Thursday, June 16, 2005

Everybody complains about the weather, but nobody does anything about it

Not so.

From The Economist, June 9, 2005

Anti-hurricane technology

How can you slow down a hurricane? Moshe Alamaro, a scientist at the Massachusetts Institute of Technology, has a plan. Just as setting small, controlled fires can stop forest fires by robbing them of fuel, he proposes the creation of small, man-made tropical cyclones to cool the ocean and rob big, natural hurricanes of their source of energy. His scheme, devised with German and Russian weather scientists and presented at a weather-modification conference in April, involves a chain of offshore barges adorned with upward-facing jet engines. Each barge creates an updraft, causing water to evaporate from the ocean's surface and reducing its temperature. The resulting tropical storms travel towards the shore but dissipate harmlessly. Dr Alamaro reckons that protecting Central America and the southern United States from hurricanes would cost less than $1 billion a year. Most of the cost would be fuel: large jet engines, he observes, are abundant in the graveyards of American and Soviet long-range bombers.
Visit The Economist website for a picture of the hypothetical barge.

On the arrest of Chancellor Palpatine, the rule of law, and liberty

Note: If you're really afraid of spoilers for Star Wars: Episode III, read on. There's nothing significant in here.

If my memory serves, the Jedi Council sent Mace Windu to arrest Chancellor Palpatine on suspicion of being a Sith. Was there a law of the Republic against Sithery?

  • If not, it certainly casts a shadow on the Jedi as "protectors of the Old Republic". Just what were they trying to protect: the notion of the Republic created within their unelected, secretive body?

  • If so, it was a disturbing measure of illiberalism for the Republic. Was it illegal for anybody to channel anger and fear into accomplishment and power, or were those emotions illegal only when used to engineer a faux civil war?

Saturday, June 04, 2005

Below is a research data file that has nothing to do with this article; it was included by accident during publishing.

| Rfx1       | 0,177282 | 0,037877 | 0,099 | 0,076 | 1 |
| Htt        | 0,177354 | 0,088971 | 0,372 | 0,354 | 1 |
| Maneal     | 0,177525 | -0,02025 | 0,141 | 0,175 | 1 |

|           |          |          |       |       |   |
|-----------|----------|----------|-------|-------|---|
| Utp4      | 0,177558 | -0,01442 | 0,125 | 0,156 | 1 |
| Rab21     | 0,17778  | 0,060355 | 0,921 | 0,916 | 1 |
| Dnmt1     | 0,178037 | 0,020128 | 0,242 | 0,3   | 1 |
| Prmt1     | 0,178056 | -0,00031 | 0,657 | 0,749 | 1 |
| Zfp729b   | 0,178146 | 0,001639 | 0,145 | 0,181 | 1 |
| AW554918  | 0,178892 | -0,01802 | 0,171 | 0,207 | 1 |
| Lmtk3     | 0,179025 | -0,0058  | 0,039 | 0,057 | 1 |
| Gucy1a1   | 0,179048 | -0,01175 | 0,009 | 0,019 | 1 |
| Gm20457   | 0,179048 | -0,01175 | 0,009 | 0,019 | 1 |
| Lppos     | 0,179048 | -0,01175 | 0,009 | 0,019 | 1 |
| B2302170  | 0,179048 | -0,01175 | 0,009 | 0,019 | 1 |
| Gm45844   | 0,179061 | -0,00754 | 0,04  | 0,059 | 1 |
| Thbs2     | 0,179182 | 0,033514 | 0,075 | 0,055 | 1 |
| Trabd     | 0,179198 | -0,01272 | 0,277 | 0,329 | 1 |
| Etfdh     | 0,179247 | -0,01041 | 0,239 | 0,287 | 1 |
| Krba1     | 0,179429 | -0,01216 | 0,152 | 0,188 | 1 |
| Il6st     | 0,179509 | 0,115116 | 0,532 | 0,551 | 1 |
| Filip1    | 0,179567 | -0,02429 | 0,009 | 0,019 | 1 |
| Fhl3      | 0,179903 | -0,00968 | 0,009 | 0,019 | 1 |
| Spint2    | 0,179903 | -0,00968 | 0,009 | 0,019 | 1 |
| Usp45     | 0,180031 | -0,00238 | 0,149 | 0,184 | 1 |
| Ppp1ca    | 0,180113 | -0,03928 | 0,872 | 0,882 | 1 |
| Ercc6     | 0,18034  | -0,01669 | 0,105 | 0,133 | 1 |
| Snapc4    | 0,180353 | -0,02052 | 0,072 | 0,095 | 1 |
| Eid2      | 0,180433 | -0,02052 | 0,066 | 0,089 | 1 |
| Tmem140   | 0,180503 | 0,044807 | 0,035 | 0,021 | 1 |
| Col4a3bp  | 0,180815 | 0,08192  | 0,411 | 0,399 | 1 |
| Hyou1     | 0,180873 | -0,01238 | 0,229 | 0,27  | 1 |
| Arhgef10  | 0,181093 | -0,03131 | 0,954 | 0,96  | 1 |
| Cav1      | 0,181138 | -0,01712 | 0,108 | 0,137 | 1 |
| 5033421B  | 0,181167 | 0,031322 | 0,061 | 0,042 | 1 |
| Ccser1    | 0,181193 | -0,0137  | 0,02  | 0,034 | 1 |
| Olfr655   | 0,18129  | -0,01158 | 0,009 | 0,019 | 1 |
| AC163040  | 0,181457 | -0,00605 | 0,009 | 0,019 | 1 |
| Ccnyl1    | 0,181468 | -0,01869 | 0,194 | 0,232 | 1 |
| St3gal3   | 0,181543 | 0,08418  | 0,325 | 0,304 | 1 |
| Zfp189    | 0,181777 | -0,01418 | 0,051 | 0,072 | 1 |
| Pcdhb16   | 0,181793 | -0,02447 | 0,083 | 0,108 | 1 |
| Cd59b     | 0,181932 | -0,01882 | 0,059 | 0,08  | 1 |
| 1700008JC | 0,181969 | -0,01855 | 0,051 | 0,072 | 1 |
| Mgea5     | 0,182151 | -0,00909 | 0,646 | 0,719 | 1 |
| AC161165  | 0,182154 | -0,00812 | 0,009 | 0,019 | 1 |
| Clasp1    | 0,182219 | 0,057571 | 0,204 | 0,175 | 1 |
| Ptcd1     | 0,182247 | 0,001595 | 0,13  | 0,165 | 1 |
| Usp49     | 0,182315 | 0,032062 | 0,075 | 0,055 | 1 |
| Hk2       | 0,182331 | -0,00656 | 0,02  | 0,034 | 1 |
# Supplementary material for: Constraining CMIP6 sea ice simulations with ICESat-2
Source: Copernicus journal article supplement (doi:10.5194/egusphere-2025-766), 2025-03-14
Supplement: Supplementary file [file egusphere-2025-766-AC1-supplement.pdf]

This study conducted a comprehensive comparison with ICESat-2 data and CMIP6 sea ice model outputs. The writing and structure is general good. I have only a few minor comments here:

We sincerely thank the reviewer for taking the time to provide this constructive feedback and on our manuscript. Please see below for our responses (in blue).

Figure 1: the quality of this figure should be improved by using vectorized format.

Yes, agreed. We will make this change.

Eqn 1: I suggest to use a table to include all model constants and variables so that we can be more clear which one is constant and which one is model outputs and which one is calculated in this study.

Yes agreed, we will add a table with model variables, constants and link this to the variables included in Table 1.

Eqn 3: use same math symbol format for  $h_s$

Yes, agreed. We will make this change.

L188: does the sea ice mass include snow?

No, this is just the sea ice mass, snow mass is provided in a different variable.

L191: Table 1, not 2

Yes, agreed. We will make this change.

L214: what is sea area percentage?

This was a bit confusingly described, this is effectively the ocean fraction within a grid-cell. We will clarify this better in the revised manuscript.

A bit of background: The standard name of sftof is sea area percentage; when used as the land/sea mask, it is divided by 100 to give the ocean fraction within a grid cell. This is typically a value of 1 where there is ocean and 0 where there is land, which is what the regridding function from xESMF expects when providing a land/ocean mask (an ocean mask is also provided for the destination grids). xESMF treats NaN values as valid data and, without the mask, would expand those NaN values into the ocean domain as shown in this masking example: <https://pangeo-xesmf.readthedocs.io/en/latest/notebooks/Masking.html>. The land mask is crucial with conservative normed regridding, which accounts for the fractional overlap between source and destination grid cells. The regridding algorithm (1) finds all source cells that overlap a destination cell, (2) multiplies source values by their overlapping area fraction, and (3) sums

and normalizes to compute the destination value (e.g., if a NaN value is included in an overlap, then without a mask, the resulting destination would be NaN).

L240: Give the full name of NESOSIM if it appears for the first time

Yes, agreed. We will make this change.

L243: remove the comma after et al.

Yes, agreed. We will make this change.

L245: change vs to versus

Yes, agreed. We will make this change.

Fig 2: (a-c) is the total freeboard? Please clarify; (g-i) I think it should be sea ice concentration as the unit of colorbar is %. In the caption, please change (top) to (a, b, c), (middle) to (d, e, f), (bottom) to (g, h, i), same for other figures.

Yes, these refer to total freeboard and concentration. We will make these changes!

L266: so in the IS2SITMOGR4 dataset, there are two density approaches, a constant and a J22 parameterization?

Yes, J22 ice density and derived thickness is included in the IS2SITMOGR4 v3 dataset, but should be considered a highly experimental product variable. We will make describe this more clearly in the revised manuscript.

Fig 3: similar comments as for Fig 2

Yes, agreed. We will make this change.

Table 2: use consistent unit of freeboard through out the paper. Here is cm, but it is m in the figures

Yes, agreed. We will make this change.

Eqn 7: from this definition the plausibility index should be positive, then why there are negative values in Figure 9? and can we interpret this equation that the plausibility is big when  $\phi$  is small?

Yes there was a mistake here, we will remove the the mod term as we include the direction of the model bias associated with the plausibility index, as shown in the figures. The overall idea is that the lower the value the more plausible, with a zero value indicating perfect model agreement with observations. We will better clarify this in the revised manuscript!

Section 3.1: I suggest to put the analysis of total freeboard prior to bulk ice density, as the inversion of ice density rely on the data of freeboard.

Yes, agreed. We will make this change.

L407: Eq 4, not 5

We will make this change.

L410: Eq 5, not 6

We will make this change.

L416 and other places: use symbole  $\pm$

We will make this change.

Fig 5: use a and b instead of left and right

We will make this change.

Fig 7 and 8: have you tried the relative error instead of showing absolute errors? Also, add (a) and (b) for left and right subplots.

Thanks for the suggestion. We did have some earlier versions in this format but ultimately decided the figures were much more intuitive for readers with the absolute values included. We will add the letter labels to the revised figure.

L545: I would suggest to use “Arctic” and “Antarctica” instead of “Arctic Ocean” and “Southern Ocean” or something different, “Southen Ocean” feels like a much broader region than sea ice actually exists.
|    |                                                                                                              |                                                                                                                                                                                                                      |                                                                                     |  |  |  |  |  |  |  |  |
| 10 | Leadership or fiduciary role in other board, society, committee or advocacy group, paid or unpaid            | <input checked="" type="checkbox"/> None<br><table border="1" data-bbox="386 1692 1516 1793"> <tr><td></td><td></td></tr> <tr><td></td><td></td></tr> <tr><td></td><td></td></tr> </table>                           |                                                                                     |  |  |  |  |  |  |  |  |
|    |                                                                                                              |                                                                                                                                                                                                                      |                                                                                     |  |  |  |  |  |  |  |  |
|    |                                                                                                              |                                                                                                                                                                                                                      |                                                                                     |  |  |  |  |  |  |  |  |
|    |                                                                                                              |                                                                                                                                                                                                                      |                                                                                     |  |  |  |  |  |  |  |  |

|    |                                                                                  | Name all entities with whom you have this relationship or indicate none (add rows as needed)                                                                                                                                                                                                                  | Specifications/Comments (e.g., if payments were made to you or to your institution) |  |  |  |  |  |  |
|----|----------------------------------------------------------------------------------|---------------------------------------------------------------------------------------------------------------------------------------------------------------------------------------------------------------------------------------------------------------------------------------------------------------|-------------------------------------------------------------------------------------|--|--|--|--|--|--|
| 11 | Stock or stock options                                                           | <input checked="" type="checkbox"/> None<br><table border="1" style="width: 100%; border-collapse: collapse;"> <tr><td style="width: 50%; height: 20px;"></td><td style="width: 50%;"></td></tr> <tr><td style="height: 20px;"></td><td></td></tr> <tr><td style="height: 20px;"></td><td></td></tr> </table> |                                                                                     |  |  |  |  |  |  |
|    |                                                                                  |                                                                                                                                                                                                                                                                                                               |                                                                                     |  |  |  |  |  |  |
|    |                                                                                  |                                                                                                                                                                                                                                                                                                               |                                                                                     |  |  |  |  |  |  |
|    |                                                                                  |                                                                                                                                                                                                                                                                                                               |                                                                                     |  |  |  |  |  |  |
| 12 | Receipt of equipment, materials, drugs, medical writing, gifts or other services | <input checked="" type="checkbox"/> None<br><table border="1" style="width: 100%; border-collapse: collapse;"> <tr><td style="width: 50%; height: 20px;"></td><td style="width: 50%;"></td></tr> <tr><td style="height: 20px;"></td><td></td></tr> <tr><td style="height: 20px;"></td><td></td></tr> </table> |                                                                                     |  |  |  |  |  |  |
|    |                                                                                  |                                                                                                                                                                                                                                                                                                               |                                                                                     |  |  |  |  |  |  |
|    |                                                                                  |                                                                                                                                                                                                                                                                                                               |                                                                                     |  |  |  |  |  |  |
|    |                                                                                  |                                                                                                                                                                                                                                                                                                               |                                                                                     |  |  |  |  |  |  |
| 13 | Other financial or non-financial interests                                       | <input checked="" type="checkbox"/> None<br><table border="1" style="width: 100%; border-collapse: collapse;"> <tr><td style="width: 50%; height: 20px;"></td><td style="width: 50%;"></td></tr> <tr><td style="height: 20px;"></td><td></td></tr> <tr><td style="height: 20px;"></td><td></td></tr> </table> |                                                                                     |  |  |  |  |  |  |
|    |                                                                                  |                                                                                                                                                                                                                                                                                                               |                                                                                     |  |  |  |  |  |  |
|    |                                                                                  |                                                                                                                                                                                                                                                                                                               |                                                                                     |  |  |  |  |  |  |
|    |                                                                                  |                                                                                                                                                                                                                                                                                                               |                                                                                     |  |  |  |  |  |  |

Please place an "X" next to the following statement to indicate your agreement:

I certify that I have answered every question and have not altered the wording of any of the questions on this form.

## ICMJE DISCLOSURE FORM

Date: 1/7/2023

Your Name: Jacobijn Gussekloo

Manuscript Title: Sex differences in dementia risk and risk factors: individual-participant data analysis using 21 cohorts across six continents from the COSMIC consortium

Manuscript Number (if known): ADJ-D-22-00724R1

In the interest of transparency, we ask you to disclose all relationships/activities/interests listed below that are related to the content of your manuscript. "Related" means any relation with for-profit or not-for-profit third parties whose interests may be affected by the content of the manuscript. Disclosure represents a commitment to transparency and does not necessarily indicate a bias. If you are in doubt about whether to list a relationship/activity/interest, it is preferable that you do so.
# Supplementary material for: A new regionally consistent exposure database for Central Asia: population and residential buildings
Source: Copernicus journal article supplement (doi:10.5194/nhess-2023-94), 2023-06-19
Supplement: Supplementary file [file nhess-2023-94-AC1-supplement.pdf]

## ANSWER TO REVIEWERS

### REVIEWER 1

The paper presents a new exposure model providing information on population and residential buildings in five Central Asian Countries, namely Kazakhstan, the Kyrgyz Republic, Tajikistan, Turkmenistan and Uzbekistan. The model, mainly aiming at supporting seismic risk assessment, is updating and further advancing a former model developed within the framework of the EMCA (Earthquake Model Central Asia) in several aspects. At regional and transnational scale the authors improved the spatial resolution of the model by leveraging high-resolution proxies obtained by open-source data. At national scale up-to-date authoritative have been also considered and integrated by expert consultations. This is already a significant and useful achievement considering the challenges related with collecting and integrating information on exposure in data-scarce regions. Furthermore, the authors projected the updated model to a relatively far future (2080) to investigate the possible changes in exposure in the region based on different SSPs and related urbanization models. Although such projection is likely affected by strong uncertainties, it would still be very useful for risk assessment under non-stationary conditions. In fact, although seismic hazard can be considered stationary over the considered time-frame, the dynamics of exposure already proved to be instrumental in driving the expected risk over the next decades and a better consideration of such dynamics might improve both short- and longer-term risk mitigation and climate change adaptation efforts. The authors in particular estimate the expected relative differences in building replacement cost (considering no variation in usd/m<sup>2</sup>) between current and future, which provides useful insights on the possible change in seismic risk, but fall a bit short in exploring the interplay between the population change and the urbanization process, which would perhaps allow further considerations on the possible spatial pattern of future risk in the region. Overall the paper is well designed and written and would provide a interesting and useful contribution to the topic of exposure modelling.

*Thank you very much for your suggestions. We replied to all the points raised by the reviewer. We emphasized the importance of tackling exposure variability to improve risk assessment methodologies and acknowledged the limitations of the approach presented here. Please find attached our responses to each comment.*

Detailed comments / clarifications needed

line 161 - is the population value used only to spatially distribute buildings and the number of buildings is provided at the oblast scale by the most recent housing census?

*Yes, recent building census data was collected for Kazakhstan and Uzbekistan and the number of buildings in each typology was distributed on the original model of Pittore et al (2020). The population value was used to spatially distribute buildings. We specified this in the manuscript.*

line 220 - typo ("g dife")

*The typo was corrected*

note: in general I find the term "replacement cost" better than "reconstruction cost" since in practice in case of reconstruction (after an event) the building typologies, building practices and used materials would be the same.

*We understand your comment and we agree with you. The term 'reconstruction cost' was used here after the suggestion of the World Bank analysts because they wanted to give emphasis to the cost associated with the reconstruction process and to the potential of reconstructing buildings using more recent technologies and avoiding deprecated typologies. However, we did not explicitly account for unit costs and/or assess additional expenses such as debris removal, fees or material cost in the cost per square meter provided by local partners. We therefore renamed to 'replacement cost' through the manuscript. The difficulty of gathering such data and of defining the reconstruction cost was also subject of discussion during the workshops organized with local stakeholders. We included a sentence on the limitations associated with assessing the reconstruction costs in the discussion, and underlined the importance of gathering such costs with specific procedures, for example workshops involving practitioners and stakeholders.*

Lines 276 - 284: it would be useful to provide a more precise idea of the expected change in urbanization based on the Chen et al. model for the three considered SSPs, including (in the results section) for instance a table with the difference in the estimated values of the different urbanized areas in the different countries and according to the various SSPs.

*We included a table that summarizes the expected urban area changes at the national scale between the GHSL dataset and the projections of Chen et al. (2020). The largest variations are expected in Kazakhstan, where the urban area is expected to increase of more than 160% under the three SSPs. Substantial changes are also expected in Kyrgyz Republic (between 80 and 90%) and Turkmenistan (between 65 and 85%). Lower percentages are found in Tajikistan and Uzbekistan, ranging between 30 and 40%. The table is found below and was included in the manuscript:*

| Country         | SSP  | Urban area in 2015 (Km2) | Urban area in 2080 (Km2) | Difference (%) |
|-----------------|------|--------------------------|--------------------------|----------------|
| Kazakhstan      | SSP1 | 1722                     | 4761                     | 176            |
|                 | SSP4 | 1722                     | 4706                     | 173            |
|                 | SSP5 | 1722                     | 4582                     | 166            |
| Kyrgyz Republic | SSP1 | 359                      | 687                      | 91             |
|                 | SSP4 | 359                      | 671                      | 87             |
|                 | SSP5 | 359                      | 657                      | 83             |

An inverse relationship

It seems that the more news I have, the less I post. For example, have I not written since 18 May because nothing has happened? Well, no.

  • I've graduated from SAIS with my master's in international relations, concentrating in energy and environmental policy. The most common question has been, "Does it feel good to be done?" Yes, I suppose. From before I started in August 2003, SAIS was inherently temporary, a transition to a new career. So I reckon it is good to finish, particularly since I do have a job (more below), but it's not with a strong sense of relief or elation.
  • A host of family came to visit us and attend my graduation. Beyond giving me a hearty and appreciated cheer at the ceremony on the 26th, they also did almost all the work the next day for a barbecue that, ostensibly, I was hosting. Thanks to all their efforts, we had a nice, long, relaxed afternoon, with visitors from SAIS, NR, and the hospital.
  • I made a quick trip up to Pennsylvania for my cousin Ken's 80th birthday. On the way back, I saw the Blue Angels flying over an air show.
  • Since last Tuesday, I've been on the project finance job. I'm really enjoying it. They had lots of work ready for me, which is my preferred way to start a gig. It also helps that I'm such a nerd that modeling finance in Excel seems great fun, and that I'm interested to read loan conditions over the weekend. (Not all weekend, mind you. Let's not be silly.)

So thanks for reading, particularly since I'd given you little reason to think it was even worth checking the blog.